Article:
Kristin Garza, outreach director for Survivors of the Abortion Holocaust, disagrees. She tells Bustle the legislation actually ensures women's safety, since, according to pro-life activists like Garza, abortions performed after 20 weeks are inherently riskier, and may be more likely to lead to physical and emotional complications for women. Garza also emphasizes the fact that unlike, say, the 20-week ban on abortions that Wendy Davis filibustered in Texas over the summer, the Albuquerque provision was initiated by the city's inhabitants, not politicians.

“The citizens of [Albuquerque] decided that they wanted their city to be safer,” Garza says. “This piece of legislation is the first ban on really any kind of abortion that’s voter-initiated, citizen-initiated. If it’s not going to happen in Washington, the idea that we can do it at the municipal level is extremely inspiring, and extremely productive.”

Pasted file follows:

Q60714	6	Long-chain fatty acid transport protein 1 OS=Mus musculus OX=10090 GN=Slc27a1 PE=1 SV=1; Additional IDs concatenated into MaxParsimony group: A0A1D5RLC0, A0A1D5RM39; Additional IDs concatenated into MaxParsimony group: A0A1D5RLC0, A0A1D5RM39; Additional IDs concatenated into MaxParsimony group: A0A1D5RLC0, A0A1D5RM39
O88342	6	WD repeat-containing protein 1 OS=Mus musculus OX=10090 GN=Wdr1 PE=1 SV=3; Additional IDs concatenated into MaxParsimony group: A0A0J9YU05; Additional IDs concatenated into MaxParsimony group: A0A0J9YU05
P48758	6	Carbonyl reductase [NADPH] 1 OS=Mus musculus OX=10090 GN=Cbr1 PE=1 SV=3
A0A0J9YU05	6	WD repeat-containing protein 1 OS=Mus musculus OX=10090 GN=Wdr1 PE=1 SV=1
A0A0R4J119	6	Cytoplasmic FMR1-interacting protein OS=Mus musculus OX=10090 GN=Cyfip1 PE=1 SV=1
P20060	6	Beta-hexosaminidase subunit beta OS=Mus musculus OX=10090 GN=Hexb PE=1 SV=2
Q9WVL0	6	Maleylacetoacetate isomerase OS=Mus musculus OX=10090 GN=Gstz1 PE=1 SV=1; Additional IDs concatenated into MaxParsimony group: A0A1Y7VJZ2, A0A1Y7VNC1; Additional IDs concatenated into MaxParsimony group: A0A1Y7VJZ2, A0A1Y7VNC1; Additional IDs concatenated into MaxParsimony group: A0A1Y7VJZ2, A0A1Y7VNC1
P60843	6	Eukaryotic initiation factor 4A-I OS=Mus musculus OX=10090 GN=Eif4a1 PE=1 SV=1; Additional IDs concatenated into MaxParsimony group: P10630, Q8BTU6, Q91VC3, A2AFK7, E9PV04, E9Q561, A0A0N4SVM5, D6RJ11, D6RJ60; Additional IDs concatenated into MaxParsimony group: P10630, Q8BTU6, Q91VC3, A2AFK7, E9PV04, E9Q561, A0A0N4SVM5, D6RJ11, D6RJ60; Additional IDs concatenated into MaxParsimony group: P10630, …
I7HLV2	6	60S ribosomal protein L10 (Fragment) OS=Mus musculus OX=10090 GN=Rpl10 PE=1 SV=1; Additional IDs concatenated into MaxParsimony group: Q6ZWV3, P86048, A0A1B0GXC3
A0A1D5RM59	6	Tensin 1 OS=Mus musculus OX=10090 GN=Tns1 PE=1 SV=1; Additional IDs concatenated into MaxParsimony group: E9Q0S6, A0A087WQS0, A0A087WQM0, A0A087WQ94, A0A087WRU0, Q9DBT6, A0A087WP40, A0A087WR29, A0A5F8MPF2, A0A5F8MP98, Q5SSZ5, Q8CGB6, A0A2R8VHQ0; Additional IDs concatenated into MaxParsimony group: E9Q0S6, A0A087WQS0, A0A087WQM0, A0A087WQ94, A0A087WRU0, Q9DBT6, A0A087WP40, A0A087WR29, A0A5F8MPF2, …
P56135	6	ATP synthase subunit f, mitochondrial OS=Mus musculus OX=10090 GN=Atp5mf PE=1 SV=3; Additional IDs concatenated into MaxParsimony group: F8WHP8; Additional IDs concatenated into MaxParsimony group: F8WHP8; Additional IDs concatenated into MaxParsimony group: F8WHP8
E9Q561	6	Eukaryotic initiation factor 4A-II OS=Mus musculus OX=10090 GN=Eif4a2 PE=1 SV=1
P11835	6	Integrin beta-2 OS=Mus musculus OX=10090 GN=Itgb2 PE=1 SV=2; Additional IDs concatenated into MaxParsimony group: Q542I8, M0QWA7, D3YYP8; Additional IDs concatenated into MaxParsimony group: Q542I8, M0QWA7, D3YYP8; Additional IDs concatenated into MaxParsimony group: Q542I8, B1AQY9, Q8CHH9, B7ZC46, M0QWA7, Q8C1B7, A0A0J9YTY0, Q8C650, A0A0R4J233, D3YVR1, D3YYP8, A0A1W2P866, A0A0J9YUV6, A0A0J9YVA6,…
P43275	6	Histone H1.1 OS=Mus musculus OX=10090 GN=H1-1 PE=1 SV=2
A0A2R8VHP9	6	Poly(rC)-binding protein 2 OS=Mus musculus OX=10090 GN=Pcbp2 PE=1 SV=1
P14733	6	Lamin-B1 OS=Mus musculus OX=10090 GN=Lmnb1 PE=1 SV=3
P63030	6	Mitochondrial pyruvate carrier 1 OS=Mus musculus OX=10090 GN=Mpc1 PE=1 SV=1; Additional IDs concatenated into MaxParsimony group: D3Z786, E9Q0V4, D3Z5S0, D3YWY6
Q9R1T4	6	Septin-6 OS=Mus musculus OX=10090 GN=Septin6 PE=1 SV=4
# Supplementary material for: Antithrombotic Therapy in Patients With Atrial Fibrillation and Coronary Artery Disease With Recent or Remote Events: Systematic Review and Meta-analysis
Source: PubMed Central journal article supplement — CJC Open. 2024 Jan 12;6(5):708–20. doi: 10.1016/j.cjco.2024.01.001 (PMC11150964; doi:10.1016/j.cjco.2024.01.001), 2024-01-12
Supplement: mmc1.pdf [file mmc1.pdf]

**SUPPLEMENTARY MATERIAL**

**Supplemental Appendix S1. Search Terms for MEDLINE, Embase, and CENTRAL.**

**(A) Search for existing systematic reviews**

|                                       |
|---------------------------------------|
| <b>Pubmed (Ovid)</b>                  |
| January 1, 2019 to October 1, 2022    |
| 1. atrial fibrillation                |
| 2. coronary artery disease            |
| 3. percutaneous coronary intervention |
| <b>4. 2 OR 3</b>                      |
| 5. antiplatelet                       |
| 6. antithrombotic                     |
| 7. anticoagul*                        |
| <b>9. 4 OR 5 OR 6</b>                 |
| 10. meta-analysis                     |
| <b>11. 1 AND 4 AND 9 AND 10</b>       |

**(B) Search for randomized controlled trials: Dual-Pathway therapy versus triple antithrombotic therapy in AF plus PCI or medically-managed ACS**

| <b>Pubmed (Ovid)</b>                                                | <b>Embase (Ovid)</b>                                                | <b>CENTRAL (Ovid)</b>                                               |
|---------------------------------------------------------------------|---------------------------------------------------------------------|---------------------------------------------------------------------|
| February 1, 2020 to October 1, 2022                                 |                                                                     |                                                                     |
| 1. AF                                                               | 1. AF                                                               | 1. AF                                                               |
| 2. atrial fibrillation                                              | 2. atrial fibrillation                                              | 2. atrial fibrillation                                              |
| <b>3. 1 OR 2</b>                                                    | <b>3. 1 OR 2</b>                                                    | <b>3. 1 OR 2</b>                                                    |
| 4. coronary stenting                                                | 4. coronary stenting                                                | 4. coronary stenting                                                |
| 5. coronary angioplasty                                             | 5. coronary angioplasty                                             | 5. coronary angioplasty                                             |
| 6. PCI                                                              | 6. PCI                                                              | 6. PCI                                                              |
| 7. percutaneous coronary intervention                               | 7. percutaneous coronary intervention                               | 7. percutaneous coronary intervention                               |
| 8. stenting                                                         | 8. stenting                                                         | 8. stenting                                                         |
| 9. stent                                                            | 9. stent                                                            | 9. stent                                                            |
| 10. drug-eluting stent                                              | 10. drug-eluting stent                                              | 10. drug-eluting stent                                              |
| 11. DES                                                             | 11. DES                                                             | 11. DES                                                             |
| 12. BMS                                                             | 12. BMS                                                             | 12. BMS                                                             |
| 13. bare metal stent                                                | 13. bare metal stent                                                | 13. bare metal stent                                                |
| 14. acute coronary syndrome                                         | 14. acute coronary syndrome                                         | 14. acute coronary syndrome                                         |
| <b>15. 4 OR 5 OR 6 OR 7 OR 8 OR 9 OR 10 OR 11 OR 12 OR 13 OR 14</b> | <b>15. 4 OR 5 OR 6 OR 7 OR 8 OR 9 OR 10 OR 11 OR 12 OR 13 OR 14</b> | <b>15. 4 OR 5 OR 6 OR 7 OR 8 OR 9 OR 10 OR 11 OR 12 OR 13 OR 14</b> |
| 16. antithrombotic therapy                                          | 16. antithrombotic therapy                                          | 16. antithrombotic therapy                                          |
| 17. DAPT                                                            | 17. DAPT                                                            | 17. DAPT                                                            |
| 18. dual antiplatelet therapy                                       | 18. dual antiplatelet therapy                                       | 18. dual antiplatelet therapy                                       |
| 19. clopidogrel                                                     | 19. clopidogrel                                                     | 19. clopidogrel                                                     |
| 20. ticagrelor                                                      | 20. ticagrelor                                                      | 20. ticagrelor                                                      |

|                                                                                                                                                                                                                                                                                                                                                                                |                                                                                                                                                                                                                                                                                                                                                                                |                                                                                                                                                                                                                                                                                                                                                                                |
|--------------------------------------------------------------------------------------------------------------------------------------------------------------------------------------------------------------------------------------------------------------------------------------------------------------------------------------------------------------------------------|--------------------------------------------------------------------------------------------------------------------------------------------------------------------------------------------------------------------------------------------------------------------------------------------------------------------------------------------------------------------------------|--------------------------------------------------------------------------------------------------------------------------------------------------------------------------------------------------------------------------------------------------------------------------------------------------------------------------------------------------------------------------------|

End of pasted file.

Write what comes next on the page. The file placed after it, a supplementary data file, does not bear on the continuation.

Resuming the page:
The ballot measure in Albuquerque might have been voter-initiated, but it’s not entirely clean of the local government’s fingerprints. After proponents gathered the requisite 12,000 signatures, the City Council was split on whether to actually place the measure on the ballot. Some argued — correctly — that the city’s charter required them to do so. Others said that, in the words of one Republican councillor, “Every court that’s reviewed this type of law has decided it’s unconstitutional,” and thus the city would be be wasting money in both holding the initial vote and defending it later in court. Ultimately, the council voted 5-4 to put it on the ballot.